Number 713, December 27, 2004
by Phil Schewe and Ben Stein
Why Do Heart Attacks Occur Most Frequently Between 9 And 11 Am?
Studying five healthy volunteers for 10-day periods in pioneering efforts
to ultimately answer this question, a collaboration of Boston University
physicists and Harvard physiologists has found evidence that the body's
circadian clock (a part of the brain that regulates daily biological
activities) influences patterns in the heart's "interbeat intervals,"
the lengths of time between successive heartbeats. At around 10AM for
all the healthy individuals, the values of successive interbeat intervals
displayed increased signs of randomness, statistically resembling that
seen in previous studies of individuals with heart disease.
In their studies, the researchers took special care to isolate the effects
of a person's internal circadian clock (which has a 24.2-hour rhythm,
marked by a regular rise and fall of body temperature) from the effects
of behavior (such as physical activity and a person's wake/sleep time)
or external stimuli (such as the rising or setting of the sun). Towards
these ends, the researchers made sure to "desynchronize" the individuals'
internal body clocks from these other factors by keeping the volunteers
in a dimly lit room and by varying their sleep and wake times from day
to day while keeping activity levels relatively constant.
The researchers next plan to explore how an individual's behavior may
interact with the circadian clock to influence the correlations in interbeat
intervals. The researchers have not yet studied patients with heart
disease and are far from being able to make clinical recommendations.
However, their further research may obtain insights into the underlying
causes of increased cardiac risk and could lead to improved therapy,
such as more appropriately timed medication to coincide with phases
of the body clock. (Hu et al., Proceedings
of the National Academy of Sciences, December 28, 2004; contact
Plamen Ch. Ivanov, Boston University, 617-353-3891, firstname.lastname@example.org;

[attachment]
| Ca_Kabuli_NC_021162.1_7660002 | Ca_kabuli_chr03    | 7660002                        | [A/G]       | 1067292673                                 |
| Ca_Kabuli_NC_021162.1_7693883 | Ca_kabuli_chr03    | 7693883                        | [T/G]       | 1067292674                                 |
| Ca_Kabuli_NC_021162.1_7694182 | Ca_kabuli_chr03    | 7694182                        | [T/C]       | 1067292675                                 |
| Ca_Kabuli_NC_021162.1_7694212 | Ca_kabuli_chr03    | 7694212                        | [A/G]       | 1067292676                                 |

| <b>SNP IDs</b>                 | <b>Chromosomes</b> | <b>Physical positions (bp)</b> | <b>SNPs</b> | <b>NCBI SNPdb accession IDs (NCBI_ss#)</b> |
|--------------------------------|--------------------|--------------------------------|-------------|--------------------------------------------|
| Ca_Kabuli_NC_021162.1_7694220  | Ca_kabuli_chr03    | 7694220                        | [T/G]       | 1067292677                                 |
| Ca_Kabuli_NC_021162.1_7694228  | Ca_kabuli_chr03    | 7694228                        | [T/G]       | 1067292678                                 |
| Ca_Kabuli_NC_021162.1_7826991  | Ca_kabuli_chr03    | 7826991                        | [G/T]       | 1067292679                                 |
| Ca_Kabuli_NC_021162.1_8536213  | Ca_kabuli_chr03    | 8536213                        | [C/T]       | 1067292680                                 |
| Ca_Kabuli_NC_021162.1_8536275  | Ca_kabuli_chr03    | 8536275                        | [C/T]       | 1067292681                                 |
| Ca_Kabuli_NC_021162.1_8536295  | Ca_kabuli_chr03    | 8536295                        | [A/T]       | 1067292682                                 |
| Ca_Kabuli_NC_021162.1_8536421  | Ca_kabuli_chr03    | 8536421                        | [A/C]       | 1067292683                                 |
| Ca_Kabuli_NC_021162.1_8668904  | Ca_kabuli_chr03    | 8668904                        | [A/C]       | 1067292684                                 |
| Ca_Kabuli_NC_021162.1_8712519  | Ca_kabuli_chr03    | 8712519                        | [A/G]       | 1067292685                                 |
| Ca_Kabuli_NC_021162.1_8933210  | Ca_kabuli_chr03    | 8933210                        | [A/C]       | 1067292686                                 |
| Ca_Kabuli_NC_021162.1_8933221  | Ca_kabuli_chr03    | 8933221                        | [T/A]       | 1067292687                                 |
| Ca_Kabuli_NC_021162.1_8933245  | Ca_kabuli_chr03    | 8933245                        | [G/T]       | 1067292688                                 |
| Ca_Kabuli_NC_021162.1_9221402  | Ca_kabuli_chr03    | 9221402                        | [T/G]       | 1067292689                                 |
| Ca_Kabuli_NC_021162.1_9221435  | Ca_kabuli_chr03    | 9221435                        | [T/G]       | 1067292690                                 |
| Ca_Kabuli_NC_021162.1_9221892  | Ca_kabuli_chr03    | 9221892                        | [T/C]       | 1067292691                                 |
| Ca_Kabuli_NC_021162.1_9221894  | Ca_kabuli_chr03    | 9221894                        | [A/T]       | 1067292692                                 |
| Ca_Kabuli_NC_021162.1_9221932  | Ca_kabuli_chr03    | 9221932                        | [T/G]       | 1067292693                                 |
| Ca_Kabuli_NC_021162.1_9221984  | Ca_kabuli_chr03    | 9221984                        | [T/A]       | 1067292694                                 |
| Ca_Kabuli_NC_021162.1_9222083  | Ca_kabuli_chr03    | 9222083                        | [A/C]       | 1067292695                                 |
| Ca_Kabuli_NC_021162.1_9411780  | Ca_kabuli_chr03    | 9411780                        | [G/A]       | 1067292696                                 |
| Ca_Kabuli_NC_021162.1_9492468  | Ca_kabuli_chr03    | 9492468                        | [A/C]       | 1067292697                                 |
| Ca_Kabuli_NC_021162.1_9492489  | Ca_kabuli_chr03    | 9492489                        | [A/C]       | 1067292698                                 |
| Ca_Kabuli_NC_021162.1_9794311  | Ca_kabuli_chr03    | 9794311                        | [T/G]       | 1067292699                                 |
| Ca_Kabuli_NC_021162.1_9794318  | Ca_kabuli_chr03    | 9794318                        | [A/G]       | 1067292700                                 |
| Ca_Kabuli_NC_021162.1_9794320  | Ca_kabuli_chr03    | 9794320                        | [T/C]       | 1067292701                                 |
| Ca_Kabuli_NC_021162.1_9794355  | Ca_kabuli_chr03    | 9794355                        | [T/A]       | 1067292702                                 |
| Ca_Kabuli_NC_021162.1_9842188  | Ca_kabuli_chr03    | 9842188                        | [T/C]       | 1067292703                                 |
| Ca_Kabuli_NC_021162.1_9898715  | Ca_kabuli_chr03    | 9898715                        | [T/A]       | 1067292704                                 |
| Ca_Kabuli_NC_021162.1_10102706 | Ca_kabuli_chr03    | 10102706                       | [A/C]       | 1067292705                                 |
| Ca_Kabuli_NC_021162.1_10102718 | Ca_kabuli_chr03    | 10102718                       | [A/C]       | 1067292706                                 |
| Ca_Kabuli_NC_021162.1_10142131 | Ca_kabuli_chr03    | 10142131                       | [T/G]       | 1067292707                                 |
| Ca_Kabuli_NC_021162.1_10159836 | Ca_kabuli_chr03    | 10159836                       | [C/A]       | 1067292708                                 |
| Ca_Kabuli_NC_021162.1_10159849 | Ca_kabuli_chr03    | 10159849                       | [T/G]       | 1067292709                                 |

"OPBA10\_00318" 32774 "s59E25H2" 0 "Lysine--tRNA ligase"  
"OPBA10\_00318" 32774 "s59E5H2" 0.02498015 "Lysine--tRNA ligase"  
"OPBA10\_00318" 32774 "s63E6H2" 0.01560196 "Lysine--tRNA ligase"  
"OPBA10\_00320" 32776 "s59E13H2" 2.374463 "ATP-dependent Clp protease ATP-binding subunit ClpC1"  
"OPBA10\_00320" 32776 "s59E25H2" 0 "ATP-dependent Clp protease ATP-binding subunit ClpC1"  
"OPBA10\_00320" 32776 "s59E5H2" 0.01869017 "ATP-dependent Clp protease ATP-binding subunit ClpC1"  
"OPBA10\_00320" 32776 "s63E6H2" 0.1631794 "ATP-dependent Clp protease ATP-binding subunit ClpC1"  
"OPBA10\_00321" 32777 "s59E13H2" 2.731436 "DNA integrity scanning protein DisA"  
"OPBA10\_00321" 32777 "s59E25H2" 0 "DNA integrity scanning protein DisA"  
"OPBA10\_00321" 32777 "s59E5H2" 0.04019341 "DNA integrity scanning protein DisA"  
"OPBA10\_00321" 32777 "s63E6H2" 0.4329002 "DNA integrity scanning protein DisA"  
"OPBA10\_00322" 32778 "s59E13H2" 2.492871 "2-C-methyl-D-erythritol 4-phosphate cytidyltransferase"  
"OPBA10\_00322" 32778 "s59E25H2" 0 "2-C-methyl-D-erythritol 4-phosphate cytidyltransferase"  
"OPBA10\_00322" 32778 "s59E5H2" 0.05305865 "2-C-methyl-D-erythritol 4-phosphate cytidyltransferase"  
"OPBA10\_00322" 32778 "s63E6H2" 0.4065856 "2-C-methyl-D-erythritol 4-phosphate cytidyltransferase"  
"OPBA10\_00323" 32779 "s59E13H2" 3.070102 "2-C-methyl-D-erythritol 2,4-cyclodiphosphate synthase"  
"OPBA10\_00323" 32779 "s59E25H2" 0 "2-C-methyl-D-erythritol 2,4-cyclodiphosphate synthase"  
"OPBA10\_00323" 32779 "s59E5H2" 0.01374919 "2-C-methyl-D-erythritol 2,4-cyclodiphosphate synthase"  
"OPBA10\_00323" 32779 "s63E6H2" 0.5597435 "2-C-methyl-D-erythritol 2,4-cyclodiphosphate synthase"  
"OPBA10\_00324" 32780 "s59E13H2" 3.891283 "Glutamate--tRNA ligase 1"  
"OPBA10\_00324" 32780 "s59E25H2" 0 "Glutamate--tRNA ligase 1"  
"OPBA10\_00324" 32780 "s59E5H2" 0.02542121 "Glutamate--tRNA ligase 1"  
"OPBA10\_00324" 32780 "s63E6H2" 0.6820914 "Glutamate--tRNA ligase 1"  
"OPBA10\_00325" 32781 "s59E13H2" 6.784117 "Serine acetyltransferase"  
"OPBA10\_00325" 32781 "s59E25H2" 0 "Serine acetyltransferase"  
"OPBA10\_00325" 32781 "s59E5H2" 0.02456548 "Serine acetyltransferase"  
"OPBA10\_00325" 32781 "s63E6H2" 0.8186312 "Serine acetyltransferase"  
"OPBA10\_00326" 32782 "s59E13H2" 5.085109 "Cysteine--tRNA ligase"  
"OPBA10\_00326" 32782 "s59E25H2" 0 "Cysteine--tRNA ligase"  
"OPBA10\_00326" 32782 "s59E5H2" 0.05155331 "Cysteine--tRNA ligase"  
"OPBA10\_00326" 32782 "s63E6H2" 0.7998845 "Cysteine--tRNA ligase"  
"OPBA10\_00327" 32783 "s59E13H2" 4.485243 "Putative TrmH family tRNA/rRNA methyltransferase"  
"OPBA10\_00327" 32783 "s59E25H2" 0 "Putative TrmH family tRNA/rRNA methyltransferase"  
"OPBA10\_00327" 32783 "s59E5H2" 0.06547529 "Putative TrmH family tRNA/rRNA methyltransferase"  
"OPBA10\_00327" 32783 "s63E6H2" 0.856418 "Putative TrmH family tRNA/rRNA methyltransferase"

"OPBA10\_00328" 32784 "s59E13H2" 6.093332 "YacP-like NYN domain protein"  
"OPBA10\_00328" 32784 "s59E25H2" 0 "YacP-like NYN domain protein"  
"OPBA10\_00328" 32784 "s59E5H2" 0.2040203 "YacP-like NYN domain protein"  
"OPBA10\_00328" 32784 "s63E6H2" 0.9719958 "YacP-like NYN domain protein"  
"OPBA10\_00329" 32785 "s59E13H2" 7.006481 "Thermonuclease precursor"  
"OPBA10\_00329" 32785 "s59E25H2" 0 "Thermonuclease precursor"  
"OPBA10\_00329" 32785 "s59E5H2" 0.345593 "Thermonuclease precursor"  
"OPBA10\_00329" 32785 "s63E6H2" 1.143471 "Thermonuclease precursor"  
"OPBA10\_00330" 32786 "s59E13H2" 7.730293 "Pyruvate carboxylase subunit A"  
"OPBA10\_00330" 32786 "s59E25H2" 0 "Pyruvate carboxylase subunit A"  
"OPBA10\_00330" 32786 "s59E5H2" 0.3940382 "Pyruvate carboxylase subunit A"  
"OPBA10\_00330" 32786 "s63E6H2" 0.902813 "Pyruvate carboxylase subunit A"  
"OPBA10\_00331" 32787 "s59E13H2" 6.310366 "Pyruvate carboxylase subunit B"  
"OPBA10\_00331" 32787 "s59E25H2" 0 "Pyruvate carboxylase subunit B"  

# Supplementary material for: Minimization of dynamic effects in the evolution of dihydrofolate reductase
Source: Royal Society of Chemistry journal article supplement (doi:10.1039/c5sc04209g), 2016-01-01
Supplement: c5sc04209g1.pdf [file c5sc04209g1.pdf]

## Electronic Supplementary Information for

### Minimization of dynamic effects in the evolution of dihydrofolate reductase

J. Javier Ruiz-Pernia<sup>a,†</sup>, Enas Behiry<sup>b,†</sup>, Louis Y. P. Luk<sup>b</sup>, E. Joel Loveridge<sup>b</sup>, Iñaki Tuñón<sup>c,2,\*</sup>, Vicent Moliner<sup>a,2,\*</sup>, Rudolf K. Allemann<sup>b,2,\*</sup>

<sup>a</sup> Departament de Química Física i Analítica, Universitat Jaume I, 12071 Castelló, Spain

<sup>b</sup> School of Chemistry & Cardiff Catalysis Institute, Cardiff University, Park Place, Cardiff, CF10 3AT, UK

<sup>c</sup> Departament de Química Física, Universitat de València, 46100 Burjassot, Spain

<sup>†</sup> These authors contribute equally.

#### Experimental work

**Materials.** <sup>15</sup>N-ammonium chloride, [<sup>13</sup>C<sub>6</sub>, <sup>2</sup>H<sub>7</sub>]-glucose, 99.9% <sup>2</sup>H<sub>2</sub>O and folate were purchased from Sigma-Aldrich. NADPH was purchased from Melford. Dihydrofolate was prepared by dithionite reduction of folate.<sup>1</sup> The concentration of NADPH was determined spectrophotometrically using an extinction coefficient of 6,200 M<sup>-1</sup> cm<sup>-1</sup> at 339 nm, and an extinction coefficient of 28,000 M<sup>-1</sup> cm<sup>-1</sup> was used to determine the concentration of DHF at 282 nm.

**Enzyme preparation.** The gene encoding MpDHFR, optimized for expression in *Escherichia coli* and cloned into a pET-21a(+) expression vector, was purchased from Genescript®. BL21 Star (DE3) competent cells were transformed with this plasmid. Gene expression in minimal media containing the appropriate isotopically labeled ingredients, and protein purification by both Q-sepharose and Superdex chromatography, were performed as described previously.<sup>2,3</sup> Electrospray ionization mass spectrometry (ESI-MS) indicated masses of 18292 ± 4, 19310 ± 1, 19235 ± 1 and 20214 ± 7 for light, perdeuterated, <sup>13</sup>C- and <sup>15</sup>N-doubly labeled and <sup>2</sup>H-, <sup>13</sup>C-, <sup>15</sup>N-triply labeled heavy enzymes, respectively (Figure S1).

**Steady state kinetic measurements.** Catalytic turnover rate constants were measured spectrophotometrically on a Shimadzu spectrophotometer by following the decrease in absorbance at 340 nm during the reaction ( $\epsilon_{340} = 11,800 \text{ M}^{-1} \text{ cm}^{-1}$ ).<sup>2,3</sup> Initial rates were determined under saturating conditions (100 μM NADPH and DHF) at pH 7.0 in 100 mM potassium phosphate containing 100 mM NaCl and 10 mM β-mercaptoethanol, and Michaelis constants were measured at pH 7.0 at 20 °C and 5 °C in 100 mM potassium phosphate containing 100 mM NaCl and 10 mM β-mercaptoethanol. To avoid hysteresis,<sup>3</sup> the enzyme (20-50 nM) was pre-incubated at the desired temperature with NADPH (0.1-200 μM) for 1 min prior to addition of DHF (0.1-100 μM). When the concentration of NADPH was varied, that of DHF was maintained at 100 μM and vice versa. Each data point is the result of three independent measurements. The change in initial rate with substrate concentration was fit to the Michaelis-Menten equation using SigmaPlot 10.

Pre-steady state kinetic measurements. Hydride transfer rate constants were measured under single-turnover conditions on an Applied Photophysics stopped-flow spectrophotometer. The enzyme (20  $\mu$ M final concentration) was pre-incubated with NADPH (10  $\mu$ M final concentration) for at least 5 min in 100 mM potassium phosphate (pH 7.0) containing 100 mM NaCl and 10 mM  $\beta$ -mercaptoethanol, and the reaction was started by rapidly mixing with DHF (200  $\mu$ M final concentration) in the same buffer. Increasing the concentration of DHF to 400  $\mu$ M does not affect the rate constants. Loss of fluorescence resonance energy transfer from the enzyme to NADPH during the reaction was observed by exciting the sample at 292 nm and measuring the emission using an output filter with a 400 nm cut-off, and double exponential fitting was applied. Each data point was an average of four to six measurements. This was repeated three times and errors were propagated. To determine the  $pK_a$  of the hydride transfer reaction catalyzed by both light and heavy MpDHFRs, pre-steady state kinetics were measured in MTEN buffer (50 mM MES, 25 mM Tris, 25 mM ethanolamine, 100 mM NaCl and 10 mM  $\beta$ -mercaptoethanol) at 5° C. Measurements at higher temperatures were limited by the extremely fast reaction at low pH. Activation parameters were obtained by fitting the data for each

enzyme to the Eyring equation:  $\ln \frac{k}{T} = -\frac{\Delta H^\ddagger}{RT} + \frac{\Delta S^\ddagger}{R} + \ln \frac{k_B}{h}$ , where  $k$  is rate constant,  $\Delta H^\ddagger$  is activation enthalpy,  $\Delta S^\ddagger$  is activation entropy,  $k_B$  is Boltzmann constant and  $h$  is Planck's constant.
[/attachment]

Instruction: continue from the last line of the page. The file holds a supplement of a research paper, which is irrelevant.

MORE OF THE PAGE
Steven Shea, Harvard Medical School, 617-732-5013, email@example.com)
A Pea-Sized Magnetometer
A pea-sized magnetometer can do the job of much bigger units, and measure
magnetic fields with a sensitivity of 50 pico-tesla. Researchers at
NIST exploit the fact that rubidium atoms possess quantum levels whose
energies will depend on the ambient magnetic field. By encapsulating
a tiny portion of atoms in a cell and making precision measurements
of laser light traveling through the atoms, a field reading can be made.
All of this is packaged in only about 12 cubic millimeters. Furthermore,
the device can be manufactured in large batches through lithographic
means. For geophysical applications, such as for detecting underwater
or underground iron objects such as pipelines, tanks, and shipwrecks,
the device’s tiny power consumption, compact size, and low price should
move it ahead of several existing magnetometer designs with a few more
years of development work. (Schwindt
et al., Applied Physics Letters, 27 December 2004; contact Peter
Schwindt, firstname.lastname@example.org, 303-497-7969; lab website at www.boulder.nist.gov/timefreq/ofm/smallclock/CSAM.htm
DNA Stretching Cross-Stream
A new experiment shows that in specially engineered fluid flows typical
of coating processes, single DNA molecules can sometimes enter into
a kind of flow instability in which the DNA orients itself perpendicular
to the plane of the flow. The experiment, conducted at Rice University
by Matteo Pasquali and Rajat Duggal, was part of a broader study of
how polymer molecules behave in moving fluids, a subject pertinent to
many biological and technological research areas, such as inkjet printing,
paper coating, the movement of air in lung alveoli, and DNA arrays.
Studying polymers in complex fluid flows is difficult because single
polymers are hard to resolve (being typically only 10-100 nm in size)
and because polymers can influence each other and the flow itself even
at very low concentration (down to few parts per million). That's why
DNA (above 10 microns in contour length) was chosen and why the DNA
was kept "ultradilute," so that it would not influence the flow and
that only one DNA molecule is visible at a time. In the Rice experiment,
a dilute suspension of DNA in water thickened by sugar is taken up by
a rotating drum which moves past a glass knife edge. In this way a thin
slice of solution can be moved as if on a conveyor belt past a lens.
The lens focuses a blue-green light on the DNA and picks up green-yellow
light emitted by the previously fluorescently-stained DNA molecules.
The resulting 30-frame-per-second film clearly can image individual
DNAs at a time with a spatial resolution of 250 nm (the thickness of
the molecule cannot be resolved but its length can be). The researchers
had expected that in the complex flow (a flow in which the velocity
of the fluid varies across the width of the channel) the DNA would deploy
itself with the flow rather than at right angles. Indeed, this happened
at the lowest drum rotation speeds; the direction of stretching changed
once the drum speed became high enough to induce ripples on the surface
of the liquid moving past the glass knife. (Journal
of Rheology, July/August 2004)